Saturday, August 04, 2012

The Super Toll Road

Suppose that when it was first built, the Interstate Highway System had companies built the roads (paying the companies large amounts of money to built them to their specifications) and then leased the roads from the companies. Toll roads, right?

Remember - the official title for the Interstate Highway System is the Dwight D. Eisenhower National System of Interstate and Defense Highways.  The justification for building the Interstate system (replacing the patchwork of numbered US highways that were then in place) was national defense - how to move troops and equipment quickly in times of national emergency. Although this network of "Superhighways" had been under discussion since the 1920's, it took the Cold War to finally get this in place.

The government pays large amounts of money to the  Super Toll Road  providers. The government paid for all the research on how best construct the roads, paid the cost of construction, and then pays to use it. It is a sweetheart deal for the road builders.

Further suppose that access to these  Super Toll Roads is limited to government traffic initially. It wouldn't do to have rush hour traffic clogging the road if you were a general trying to move tanks from Ft Bragg to Ft Bliss.

The Road Consortium also gets to use these roads for their own traffic (building roads requires moving lots of stuff from Point A to Point B). Universities doing government research, for advances in road-building and other defense-related topics can also use the Super Toll Road.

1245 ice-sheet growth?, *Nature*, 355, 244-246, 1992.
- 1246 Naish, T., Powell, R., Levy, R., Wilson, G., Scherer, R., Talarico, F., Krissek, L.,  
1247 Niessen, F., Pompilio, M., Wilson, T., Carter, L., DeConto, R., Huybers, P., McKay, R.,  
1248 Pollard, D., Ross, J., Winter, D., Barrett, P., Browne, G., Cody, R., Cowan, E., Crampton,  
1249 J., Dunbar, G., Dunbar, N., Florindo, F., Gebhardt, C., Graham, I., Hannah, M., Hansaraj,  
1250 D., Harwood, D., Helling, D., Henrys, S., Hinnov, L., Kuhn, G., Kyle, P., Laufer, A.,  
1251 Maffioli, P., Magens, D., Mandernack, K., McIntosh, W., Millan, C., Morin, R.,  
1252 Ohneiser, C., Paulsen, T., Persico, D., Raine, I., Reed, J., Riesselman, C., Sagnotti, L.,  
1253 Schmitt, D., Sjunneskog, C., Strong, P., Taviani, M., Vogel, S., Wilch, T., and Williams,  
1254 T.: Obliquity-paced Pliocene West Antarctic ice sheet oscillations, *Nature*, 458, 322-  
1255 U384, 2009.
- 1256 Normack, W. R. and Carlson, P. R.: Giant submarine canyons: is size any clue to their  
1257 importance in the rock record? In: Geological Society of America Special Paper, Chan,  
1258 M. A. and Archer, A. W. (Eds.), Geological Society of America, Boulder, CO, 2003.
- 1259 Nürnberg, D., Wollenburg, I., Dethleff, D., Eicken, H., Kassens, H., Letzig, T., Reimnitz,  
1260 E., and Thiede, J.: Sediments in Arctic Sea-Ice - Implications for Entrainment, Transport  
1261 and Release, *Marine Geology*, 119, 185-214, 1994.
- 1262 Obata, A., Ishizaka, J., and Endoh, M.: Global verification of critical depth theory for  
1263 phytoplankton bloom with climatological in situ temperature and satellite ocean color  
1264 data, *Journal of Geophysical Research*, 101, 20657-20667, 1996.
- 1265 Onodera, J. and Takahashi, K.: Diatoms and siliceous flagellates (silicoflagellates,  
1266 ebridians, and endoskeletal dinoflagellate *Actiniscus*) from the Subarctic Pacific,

Meanwhile, a small sector of the public, learning of this vast network of government-contracted Super Toll Roads, and having grown weary with traffic signals and congestion on the US highway routes, clamors for access. After all, their taxes financed its creation, construction, and upkeep, even if ownership remains with members of the Road Consortium.

And so it came to pass.

Initially demand for access was modest. To meet it, local road owners leased on-ramps to the Super Toll Road, and sold monthly passes to locals. The on-ramps were initially not very good, but once on, visitors discovered a small but exciting array of services and amusements that had sprung up on the Super Toll Road for the benefit of its small band of users.

Some were available only for users of the Super Toll Road, and interest in the Super Toll Road increased. As it did, profits for the Road Consortium went up and up and up. What had previously been seen as a small but reliable part of their profits became their chief engine for growth. Large companies with new and better on-ramps replaced the dirt roads provided by the older access companies. Many of the new access companies were owned outright by members of the Road Consortium.

Money was made - lots of it - by the Road Consortium, the on-ramp companies, and companies selling goods and services on the Super Toll Road. But the thing about making a lot of money: you can never make enough.

And now the evil geniuses of capitalism step to the plate.